US soprano Kathryn Lewek shames the critics who ‘body-shamed’ her

Arts and Entertainment

US soprano Kathryn Lewek has criticised the “lazy” and “hurtful” comments opera critics made about her latest role, accusing them of body shaming.

The singer was widely praised for her performance as Eurydice in a raunchy production of Orpheus in the Underworld at the Salzburg Festival in Austria.

But some reviewers went further and criticised her appearance, calling her “fat”, “stocky-looking” and “buxom”.

Lewek called the comments “antiquated” and “ridiculous”.

She said her role in Orpheus in the Underworld was clearly a sexualised one (“she has sex with everyone on stage”) so she had been prepared for “some comments”.

But the soprano, who recently gave birth, was stunned to read reviews that she said critiqued her “postpartum mom-bod instead of reviewing the show”.

‘Juvenile bullies’

One column in particular “really lit my fire”, she said. Written by Manuel Brug in German broadsheet Die Welt, it described Lewek and her fellow cast members as “fat women in tight corsets spreading their legs”.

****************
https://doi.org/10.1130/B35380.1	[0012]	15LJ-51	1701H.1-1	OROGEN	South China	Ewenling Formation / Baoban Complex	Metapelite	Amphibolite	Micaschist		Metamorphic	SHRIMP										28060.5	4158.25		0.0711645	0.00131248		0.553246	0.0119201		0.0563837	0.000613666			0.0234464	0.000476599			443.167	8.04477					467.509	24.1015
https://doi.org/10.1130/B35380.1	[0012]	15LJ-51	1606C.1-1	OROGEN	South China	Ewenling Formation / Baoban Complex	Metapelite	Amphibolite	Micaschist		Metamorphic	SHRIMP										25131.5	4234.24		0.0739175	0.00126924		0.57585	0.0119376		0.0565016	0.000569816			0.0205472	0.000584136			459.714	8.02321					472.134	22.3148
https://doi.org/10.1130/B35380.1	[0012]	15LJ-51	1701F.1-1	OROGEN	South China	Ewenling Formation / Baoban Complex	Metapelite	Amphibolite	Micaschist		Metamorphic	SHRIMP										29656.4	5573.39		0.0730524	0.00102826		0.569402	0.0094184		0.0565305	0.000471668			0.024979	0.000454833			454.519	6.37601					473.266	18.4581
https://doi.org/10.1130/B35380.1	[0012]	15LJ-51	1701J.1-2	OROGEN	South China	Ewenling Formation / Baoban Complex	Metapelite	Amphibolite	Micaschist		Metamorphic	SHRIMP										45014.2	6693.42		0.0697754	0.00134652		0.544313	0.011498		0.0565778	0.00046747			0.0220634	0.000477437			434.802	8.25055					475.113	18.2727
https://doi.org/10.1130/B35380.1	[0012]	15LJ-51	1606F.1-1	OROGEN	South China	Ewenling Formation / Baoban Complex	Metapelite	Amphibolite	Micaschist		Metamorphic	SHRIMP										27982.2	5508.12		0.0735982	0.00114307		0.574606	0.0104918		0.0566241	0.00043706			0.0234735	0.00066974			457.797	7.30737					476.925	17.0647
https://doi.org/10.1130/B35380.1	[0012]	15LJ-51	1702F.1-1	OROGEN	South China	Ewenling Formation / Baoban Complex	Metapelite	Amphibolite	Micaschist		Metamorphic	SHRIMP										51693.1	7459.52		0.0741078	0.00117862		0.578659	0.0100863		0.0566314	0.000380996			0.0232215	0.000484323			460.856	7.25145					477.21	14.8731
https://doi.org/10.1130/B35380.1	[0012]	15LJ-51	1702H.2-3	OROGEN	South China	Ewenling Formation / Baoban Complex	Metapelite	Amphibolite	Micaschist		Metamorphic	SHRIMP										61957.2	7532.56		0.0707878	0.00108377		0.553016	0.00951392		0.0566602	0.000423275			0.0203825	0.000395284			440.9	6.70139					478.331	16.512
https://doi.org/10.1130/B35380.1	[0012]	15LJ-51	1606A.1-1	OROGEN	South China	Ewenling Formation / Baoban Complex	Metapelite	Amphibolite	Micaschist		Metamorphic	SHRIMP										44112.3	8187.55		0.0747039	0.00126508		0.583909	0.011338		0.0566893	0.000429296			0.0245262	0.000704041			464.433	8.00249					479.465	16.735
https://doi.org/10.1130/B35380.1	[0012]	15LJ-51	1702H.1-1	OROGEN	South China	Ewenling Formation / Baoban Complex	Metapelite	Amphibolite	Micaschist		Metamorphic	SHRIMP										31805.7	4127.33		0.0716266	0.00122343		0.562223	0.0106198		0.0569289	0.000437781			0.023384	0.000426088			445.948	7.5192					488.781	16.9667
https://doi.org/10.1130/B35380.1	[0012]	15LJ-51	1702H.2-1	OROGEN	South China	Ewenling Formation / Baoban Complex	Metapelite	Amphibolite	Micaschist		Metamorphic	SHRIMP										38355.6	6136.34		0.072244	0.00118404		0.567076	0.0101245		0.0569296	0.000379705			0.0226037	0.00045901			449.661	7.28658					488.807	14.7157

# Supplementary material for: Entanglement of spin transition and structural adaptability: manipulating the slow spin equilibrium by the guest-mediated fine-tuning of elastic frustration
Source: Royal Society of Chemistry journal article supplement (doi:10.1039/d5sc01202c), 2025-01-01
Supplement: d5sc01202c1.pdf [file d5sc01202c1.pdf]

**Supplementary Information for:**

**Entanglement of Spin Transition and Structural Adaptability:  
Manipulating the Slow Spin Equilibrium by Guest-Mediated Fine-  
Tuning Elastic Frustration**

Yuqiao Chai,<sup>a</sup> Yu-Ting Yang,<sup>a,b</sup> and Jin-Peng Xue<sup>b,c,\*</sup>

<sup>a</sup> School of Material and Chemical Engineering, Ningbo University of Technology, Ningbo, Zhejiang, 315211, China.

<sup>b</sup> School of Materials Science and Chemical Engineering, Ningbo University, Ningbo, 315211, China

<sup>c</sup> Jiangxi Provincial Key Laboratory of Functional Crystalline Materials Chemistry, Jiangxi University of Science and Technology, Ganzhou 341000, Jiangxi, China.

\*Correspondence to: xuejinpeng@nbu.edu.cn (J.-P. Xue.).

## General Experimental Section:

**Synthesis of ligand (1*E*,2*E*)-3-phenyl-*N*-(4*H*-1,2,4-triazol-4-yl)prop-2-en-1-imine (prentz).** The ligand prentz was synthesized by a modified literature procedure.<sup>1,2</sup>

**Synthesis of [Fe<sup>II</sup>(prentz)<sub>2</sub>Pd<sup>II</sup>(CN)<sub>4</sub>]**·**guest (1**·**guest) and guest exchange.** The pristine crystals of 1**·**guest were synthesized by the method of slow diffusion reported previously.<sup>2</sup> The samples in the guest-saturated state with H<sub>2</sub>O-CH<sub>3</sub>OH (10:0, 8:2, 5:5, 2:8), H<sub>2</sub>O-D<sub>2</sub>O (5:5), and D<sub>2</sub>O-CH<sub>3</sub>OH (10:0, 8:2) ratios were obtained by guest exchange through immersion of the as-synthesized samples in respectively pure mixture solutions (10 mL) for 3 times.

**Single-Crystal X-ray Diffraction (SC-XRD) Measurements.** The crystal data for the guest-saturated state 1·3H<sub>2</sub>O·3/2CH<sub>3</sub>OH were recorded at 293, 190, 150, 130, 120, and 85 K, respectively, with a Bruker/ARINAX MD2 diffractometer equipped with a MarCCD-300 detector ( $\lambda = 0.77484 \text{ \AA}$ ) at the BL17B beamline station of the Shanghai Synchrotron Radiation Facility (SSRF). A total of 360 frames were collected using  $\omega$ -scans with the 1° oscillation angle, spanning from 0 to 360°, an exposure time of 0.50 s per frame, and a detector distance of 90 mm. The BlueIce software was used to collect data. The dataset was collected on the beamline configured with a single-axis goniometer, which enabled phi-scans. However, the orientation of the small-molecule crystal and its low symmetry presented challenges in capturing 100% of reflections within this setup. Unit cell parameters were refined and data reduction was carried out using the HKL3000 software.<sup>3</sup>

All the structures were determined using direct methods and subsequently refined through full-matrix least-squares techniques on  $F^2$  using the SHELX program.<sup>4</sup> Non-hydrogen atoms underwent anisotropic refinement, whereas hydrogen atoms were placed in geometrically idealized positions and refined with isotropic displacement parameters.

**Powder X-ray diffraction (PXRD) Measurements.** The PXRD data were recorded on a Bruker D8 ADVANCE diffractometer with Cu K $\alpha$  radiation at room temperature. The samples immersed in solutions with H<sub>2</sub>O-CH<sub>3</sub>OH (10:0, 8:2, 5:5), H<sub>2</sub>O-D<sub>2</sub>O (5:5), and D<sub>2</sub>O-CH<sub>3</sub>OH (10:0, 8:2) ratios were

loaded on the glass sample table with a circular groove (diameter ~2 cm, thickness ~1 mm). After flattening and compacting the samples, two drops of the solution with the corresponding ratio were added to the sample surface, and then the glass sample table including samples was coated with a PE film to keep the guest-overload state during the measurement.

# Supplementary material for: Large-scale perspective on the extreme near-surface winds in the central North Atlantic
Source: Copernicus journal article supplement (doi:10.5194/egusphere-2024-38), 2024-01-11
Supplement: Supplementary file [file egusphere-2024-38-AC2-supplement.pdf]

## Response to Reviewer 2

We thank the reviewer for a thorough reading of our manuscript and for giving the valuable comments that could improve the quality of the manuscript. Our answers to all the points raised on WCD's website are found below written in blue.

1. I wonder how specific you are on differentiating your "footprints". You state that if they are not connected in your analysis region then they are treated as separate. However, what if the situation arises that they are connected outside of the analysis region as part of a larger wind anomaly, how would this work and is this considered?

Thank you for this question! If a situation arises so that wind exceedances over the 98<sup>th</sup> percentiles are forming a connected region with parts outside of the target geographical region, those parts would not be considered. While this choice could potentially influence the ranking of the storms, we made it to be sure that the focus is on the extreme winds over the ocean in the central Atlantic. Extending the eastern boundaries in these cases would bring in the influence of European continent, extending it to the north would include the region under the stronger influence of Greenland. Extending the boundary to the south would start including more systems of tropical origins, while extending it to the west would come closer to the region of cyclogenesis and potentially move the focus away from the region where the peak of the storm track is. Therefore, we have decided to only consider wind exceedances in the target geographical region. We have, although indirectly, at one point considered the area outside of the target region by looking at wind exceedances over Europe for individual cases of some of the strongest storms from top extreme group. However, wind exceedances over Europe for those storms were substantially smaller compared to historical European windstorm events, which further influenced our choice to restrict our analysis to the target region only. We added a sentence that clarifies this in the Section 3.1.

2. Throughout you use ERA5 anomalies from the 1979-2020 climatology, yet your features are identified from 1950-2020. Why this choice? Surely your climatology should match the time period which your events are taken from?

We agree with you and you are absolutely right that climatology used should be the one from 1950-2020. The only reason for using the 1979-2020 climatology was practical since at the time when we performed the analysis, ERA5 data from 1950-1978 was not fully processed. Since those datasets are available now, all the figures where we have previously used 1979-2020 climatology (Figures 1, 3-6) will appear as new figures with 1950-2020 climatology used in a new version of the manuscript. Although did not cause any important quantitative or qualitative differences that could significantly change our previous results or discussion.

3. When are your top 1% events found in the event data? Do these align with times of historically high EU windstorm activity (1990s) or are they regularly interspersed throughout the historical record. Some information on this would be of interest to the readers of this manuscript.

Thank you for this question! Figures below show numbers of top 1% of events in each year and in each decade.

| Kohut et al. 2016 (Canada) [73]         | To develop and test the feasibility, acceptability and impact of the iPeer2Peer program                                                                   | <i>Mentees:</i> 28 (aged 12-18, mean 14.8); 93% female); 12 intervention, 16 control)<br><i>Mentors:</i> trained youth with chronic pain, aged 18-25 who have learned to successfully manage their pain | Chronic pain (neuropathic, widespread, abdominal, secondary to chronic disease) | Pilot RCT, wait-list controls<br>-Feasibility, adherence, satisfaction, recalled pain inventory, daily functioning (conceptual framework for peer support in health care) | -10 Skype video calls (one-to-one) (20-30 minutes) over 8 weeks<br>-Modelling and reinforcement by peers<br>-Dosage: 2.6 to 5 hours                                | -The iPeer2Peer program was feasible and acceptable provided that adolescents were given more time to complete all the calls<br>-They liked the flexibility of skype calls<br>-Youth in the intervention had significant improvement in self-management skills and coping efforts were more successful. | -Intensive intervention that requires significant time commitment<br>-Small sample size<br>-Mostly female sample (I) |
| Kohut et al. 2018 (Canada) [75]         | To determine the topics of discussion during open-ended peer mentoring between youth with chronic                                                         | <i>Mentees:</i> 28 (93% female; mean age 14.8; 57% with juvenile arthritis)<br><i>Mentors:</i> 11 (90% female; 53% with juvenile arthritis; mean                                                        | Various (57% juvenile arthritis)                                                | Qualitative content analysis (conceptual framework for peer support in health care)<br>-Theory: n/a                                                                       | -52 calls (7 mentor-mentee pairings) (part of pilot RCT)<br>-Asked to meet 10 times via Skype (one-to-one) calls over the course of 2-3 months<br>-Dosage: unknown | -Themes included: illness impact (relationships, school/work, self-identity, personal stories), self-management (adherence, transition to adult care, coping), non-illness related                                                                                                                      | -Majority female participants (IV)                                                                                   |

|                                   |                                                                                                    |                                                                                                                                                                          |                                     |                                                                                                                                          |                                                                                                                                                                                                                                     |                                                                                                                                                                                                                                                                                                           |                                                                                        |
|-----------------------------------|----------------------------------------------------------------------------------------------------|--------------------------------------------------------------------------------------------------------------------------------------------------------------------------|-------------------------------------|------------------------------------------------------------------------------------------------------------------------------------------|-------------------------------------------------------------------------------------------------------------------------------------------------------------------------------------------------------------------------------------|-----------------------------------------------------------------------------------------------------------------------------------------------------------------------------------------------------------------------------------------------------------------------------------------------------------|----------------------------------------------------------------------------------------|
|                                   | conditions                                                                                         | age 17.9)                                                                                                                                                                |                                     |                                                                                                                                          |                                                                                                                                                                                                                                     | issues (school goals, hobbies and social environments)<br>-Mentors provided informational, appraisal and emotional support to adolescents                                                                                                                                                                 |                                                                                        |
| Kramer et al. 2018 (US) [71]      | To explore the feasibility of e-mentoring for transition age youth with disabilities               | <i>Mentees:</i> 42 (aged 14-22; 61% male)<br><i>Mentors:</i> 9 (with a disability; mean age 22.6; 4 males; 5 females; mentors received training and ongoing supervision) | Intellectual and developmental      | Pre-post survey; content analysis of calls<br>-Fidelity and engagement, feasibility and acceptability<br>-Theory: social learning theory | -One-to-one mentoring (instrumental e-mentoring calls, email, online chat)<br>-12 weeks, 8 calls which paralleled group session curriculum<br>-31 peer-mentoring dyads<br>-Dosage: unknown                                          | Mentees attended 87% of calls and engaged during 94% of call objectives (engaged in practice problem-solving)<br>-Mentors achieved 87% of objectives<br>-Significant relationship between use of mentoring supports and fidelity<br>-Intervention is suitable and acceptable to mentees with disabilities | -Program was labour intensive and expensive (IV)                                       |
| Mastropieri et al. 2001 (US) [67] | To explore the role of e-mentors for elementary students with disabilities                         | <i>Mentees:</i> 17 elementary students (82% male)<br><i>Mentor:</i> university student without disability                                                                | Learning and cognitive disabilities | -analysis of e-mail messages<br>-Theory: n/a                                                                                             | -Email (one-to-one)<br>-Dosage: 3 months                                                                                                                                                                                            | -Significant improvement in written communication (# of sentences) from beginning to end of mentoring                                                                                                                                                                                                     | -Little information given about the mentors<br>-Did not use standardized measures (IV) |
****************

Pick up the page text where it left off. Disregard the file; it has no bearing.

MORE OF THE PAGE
Lewek said: “It was such a derogatory way of describing what my character was all about.”

Without naming Brug, she lashed out at “body-shaming and fat-shaming” on Twitter, writing: “Time’s up on these juvenile bullies.”

Brug later responded, writing: “If she is so sensitive why is she showing herself the whole time in this corset? It is interesting that the thin ladies on stage all had dresses and the not so thin ones have costumes where you see a lot of her weight.”

His comments sparked a furious backlash from other singers.

“This is absolutely disgraceful,” wrote British tenor Anthony Gregory. “Why is it ‘interesting’ that all the ‘thin ladies’ on stage had dresses? Was that a disappointment? So sorry you’re having to put up with it Kathryn.”

“Commenting on anything that is unrelated to the performance is irrelevant,” added Brit Award-winner Camilla Kerslake, noting that “male singers rarely have to put up with this”.

“This is [a] representation of how our society and the media have gone way off course in analyzing real beauty and art – and that’s devastating,” said violinist Emily Madonia.

Lewek subsequently wrote to the editor of Die Welt imploring the paper to “set higher standards of quality and decency for your employees”.

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